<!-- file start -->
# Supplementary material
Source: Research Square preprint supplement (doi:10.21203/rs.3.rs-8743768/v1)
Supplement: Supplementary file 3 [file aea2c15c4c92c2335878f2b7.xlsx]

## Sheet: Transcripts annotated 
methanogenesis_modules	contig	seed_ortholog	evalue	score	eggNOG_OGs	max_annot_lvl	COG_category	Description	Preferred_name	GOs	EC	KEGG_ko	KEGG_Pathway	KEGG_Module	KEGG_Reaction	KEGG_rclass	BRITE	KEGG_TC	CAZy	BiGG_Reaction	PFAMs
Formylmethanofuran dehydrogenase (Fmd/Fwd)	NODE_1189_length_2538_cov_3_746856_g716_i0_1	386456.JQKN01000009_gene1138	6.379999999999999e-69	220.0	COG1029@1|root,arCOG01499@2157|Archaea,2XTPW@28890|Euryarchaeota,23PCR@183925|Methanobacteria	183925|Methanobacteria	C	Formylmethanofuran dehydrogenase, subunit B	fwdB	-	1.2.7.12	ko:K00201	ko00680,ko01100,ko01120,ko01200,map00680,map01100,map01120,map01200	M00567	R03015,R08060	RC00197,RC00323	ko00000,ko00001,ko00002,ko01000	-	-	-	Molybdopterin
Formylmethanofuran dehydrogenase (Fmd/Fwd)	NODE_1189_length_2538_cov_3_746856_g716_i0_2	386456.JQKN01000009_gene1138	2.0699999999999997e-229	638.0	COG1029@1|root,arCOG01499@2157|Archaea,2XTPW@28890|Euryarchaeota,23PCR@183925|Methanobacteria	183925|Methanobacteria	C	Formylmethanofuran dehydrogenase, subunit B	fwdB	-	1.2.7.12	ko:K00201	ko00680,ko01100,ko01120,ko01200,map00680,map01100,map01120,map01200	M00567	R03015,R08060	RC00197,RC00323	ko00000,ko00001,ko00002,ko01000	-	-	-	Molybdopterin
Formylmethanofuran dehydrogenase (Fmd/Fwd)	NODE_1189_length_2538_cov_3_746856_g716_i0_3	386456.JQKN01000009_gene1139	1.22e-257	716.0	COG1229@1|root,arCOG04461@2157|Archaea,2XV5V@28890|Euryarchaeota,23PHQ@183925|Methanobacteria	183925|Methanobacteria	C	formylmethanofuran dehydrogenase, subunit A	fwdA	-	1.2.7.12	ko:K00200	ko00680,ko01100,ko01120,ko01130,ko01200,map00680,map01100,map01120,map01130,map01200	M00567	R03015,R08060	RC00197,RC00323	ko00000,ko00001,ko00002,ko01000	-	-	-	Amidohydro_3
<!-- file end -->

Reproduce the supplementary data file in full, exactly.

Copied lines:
# Supplementary material
Source: Research Square preprint supplement (doi:10.21203/rs.3.rs-8743768/v1)
Supplement: Supplementary file 3 [file aea2c15c4c92c2335878f2b7.xlsx]

## Sheet: Transcripts annotated 
methanogenesis_modules	contig	seed_ortholog	evalue	score	eggNOG_OGs	max_annot_lvl	COG_category	Description	Preferred_name	GOs	EC	KEGG_ko	KEGG_Pathway	KEGG_Module	KEGG_Reaction	KEGG_rclass	BRITE	KEGG_TC	CAZy	BiGG_Reaction	PFAMs
Formylmethanofuran dehydrogenase (Fmd/Fwd)	NODE_1189_length_2538_cov_3_746856_g716_i0_1	386456.JQKN01000009_gene1138	6.379999999999999e-69	220.0	COG1029@1|root,arCOG01499@2157|Archaea,2XTPW@28890|Euryarchaeota,23PCR@183925|Methanobacteria	183925|Methanobacteria	C	Formylmethanofuran dehydrogenase, subunit B	fwdB	-	1.2.7.12	ko:K00201	ko00680,ko01100,ko01120,ko01200,map00680,map01100,map01120,map01200	M00567	R03015,R08060	RC00197,RC00323	ko00000,ko00001,ko00002,ko01000	-	-	-	Molybdopterin
Formylmethanofuran dehydrogenase (Fmd/Fwd)	NODE_1189_length_2538_cov_3_746856_g716_i0_2	386456.JQKN01000009_gene1138	2.0699999999999997e-229	638.0	COG1029@1|root,arCOG01499@2157|Archaea,2XTPW@28890|Euryarchaeota,23PCR@183925|Methanobacteria	183925|Methanobacteria	C	Formylmethanofuran dehydrogenase, subunit B	fwdB	-	1.2.7.12	ko:K00201	ko00680,ko01100,ko01120,ko01200,map00680,map01100,map01120,map01200	M00567	R03015,R08060	RC00197,RC00323	ko00000,ko00001,ko00002,ko01000	-	-	-	Molybdopterin
Formylmethanofuran dehydrogenase (Fmd/Fwd)	NODE_1189_length_2538_cov_3_746856_g716_i0_3	386456.JQKN01000009_gene1139	1.22e-257	716.0	COG1229@1|root,arCOG04461@2157|Archaea,2XV5V@28890|Euryarchaeota,23PHQ@183925|Methanobacteria	183925|Methanobacteria	C	formylmethanofuran dehydrogenase, subunit A	fwdA	-	1.2.7.12	ko:K00200	ko00680,ko01100,ko01120,ko01130,ko01200,map00680,map01100,map01120,map01130,map01200	M00567	R03015,R08060	RC00197,RC00323	ko00000,ko00001,ko00002,ko01000	-	-	-	Amidohydro_3